The dining hall, then, is an essential gathering point in the home; It can also be around the kitchen table, sofa, reading nook, or even the balcony. But the intention to gather is the starting point of the plan and leads to better space management. I chose not to have a TV in my apartment so that my kids and I could huddle, uncomfortably, around my computer to watch whatever distorted anime ghost they chose. It forces us to share each other’s interests and allows for a sense of camaraderie, even if it comes at the expense of my good taste.

When designing, Raman’s advice is to rationalize your space based on how you’ve lived thus far, which means that if you don’t host large house parties in your current living spaces, you probably won’t start in your future home. Sometimes we use up available space to create areas for activities we never participate in, or rooms for guests who may never come. “I always tell people to stop collecting bedrooms,” says Raman. “People like to add more bedrooms to a house and bedrooms can become very self-sufficient. When you have a big bed with a sitting area, a balcony, and maybe even a small coffee machine,” Raman says. So you can really quarantine there for two weeks on your own. But that’s not the way to be part of a family.” Focus instead on creating social spaces, common areas where people in the home can come together and spend time, even if parked next to each other. A greater killer of intimacy than poorly divided spaces It is the “screen”, or in the current era many screens, all competing together for attention. There is one rule above all: do not put a TV in the bedroom, staring blankly into your eyes. The bed, the TV is another element that makes the bedroom A self-reliant space that people often hate to leave.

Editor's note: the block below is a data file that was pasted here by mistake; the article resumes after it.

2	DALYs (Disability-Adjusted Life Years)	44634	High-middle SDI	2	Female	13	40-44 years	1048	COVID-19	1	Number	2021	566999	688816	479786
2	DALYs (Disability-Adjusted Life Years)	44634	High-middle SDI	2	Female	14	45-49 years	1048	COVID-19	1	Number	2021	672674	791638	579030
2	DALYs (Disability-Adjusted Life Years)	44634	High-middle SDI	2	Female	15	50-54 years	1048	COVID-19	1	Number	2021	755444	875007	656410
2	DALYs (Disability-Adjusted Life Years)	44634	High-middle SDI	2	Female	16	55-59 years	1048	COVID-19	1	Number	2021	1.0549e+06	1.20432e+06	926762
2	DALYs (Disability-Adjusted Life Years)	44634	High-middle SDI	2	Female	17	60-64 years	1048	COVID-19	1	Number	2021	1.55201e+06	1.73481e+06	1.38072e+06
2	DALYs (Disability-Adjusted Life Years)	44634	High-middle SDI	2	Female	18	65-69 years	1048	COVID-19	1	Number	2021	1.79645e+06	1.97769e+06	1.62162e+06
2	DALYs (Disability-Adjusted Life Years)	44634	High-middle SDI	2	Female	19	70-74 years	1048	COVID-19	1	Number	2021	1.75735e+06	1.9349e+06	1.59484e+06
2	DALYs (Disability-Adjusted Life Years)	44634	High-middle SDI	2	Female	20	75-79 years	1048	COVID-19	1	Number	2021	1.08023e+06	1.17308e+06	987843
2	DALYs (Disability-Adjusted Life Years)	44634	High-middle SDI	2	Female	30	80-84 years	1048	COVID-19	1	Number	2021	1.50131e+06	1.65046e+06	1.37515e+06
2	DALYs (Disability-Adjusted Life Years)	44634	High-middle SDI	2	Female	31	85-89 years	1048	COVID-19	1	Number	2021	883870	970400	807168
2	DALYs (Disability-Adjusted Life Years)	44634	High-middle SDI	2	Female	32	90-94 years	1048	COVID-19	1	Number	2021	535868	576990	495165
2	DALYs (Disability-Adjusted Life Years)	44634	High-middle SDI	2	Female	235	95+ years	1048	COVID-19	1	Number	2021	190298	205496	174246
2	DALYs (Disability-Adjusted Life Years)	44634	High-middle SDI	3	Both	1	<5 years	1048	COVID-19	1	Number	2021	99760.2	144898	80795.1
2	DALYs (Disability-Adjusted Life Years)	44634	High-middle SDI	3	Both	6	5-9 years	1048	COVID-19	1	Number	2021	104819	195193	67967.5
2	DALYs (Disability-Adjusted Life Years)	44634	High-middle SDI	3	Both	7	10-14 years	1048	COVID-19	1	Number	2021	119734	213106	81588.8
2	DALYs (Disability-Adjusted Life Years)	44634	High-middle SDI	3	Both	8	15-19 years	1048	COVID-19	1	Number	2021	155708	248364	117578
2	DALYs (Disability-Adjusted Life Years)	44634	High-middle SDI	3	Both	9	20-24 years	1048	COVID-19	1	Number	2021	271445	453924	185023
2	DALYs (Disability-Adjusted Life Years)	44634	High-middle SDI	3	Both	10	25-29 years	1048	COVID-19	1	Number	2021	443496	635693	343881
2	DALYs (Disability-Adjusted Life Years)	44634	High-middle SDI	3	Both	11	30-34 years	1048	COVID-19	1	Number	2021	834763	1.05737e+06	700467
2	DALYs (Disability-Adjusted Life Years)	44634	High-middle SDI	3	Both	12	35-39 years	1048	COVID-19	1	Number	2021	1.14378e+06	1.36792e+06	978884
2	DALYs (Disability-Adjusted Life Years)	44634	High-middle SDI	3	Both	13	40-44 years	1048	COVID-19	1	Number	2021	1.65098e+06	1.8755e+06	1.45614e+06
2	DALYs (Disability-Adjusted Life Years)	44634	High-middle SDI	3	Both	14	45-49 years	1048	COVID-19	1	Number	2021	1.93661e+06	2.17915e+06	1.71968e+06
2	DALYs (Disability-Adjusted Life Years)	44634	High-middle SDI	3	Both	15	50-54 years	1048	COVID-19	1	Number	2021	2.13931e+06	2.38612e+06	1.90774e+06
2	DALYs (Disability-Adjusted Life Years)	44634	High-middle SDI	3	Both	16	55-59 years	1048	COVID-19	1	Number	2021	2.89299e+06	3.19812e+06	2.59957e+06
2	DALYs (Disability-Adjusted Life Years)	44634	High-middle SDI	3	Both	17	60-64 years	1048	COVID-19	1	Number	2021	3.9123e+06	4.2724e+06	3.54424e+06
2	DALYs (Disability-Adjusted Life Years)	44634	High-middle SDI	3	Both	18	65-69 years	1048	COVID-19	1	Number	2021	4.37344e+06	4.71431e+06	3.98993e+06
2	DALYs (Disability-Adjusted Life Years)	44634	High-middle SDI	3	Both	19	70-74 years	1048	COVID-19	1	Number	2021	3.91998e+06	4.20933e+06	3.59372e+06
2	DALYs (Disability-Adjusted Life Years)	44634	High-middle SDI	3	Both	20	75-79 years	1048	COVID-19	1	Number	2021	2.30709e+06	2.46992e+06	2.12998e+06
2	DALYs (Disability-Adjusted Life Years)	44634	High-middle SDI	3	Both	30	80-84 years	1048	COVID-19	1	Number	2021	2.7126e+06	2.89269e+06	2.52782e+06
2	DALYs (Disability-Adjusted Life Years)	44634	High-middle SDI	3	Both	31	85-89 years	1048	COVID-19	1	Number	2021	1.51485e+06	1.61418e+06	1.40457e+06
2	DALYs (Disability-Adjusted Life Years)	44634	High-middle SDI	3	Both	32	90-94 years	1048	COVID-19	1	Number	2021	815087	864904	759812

Fostering intimacy at home requires focus. The spatial design of a home can be a benefit or a deterrent. You have to decide which direction to go.

Manju Sara Rajan is an editor, arts director and author who divides her time between Kottayam and Bengaluru.

    (Tags for translation) Interior Design